Polynucleotide sequences useful in practice of the invention include DNA or RNA sequences having a therapeutic effect after being taken up by a cell. Examples of therapeutic polynucleotides include anti-sense DNA and RNA; DNA coding for an antisense RNA; or DNA coding for tRNA or rRNA to replace defective or deficient endogenous molecules. The polynucleotides of the invention can also code for therapeutic proteins or polypeptides. A polypeptide is understood to be any translation product of a polynucleotide regardless of size, and whether glycosylated or not. Therapeutic proteins and polypeptides include as a primary example, those proteins or polypeptides that can compensate for defective or deficient species in an animal, or those that act through toxic effects to limit or remove harmful cells from the body. In addition, the polypeptides or proteins that can be injected, or whose DNA can be incorporated, include without limitation, angiogenic factors and other molecules competent to induce angiogenesis, including acidic and basic fibroblast growth factors, vascular endothelial growth factor, hif-1, epidermal growth factor, transforming growth factor α and β, platelet-derived endothelial growth factor, platelet-derived growth factor, tumor necrosis factor α, hepatocyte growth factor and insulin like growth factor; growth factors; cell cycle inhibitors including CDK inhibitors; anti-restenosis agents, including p15, p16, p18, p19, p21, p27, p53, p57, Rb, nFkB and E2F decoys, thymidine kinase (“TK”) and combinations thereof and other agents useful for interfering with cell proliferation, including agents for treating malignancies; and combinations thereof. Still other useful factors, which can be provided as polypeptides or as DNA encoding these polypeptides, include monocyte chemoattractant protein (“MCP-1”), and the family of bone morphogenic proteins (“BMP's”). The known proteins include BMP-2, BMP-3, BMP-4, BMP-5, BMP-6 (Vgr-1), BMP-7 (OP-1), BMP-8, BMP-9, BMP-10, BMP-11, BMP-12, BMP-13, BMP-14, BMP-15, and BMP-16. Currently preferred BMP's are any of BMP-2, BMP-3, BMP-4, BMP-5, BMP-6 and BMP-7. These dimeric proteins can be provided as homodimers, heterodimers, or combinations thereof, alone or together with other molecules. Alternatively or, in addition, molecules capable of inducing an upstream or downstream effect of a BMP can be provided. Such molecules include any of the “hedgehog” proteins, or the DNA's encoding them.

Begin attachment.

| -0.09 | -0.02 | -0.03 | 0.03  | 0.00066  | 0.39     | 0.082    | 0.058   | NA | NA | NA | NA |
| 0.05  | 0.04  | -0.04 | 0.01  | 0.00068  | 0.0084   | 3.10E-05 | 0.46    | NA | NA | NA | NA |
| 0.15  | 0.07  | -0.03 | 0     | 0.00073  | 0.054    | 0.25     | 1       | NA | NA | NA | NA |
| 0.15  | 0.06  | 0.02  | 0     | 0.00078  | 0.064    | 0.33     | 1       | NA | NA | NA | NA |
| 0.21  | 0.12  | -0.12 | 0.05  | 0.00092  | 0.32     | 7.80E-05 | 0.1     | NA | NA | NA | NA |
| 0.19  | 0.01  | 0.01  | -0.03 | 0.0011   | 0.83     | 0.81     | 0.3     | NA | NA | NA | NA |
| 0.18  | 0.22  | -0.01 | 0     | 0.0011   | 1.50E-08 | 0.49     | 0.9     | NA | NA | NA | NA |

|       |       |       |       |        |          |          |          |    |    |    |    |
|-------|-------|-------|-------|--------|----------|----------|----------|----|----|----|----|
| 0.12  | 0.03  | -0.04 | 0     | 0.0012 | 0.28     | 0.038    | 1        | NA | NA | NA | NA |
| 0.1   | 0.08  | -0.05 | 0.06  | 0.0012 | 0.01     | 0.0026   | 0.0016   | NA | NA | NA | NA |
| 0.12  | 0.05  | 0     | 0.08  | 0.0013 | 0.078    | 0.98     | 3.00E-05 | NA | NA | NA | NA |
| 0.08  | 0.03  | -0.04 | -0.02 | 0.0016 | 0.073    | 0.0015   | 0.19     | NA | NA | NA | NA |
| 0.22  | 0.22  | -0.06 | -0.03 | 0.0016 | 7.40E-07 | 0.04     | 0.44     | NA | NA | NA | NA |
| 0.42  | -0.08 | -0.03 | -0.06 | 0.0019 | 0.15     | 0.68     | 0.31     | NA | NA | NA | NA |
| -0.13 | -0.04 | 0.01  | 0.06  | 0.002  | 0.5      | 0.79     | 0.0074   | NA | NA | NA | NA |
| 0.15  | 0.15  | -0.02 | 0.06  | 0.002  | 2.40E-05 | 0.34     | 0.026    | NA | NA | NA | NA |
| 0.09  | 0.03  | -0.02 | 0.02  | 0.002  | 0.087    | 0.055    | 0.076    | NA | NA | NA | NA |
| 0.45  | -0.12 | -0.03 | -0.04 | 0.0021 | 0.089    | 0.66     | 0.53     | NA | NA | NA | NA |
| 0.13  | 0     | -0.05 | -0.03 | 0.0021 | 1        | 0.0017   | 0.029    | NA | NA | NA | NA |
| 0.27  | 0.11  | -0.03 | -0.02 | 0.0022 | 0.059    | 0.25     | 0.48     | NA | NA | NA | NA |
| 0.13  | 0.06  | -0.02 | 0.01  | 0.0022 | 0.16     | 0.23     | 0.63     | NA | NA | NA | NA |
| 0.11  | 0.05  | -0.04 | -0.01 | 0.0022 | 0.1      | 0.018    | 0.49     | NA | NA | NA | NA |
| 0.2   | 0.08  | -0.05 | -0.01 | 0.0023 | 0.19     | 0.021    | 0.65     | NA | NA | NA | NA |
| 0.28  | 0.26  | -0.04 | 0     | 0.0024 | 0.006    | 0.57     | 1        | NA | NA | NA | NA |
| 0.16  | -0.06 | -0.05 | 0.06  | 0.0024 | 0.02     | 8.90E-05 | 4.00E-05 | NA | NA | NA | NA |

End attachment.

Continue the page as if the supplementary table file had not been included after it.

These therapeutic agents can be used, for example, in any application for treating, preventing, or otherwise affecting the course of a disease or tissue or organ dysfunction. For example, the embodiments of the invention can be used to induce or inhibit angiogenesis, as desired, to prevent or treat restenosis, to treat a cardiomyopathy or other dysfunction of the heart, for treating Parkinson's disease or a stroke or other dysfunction of the brain, for treating cystic fibrosis or other dysfunction of the lung, for treating or inhibiting malignant cell proliferation, for treating any malignancy, and for inducing nerve, blood vessel or tissue regeneration in a particular tissue or organ.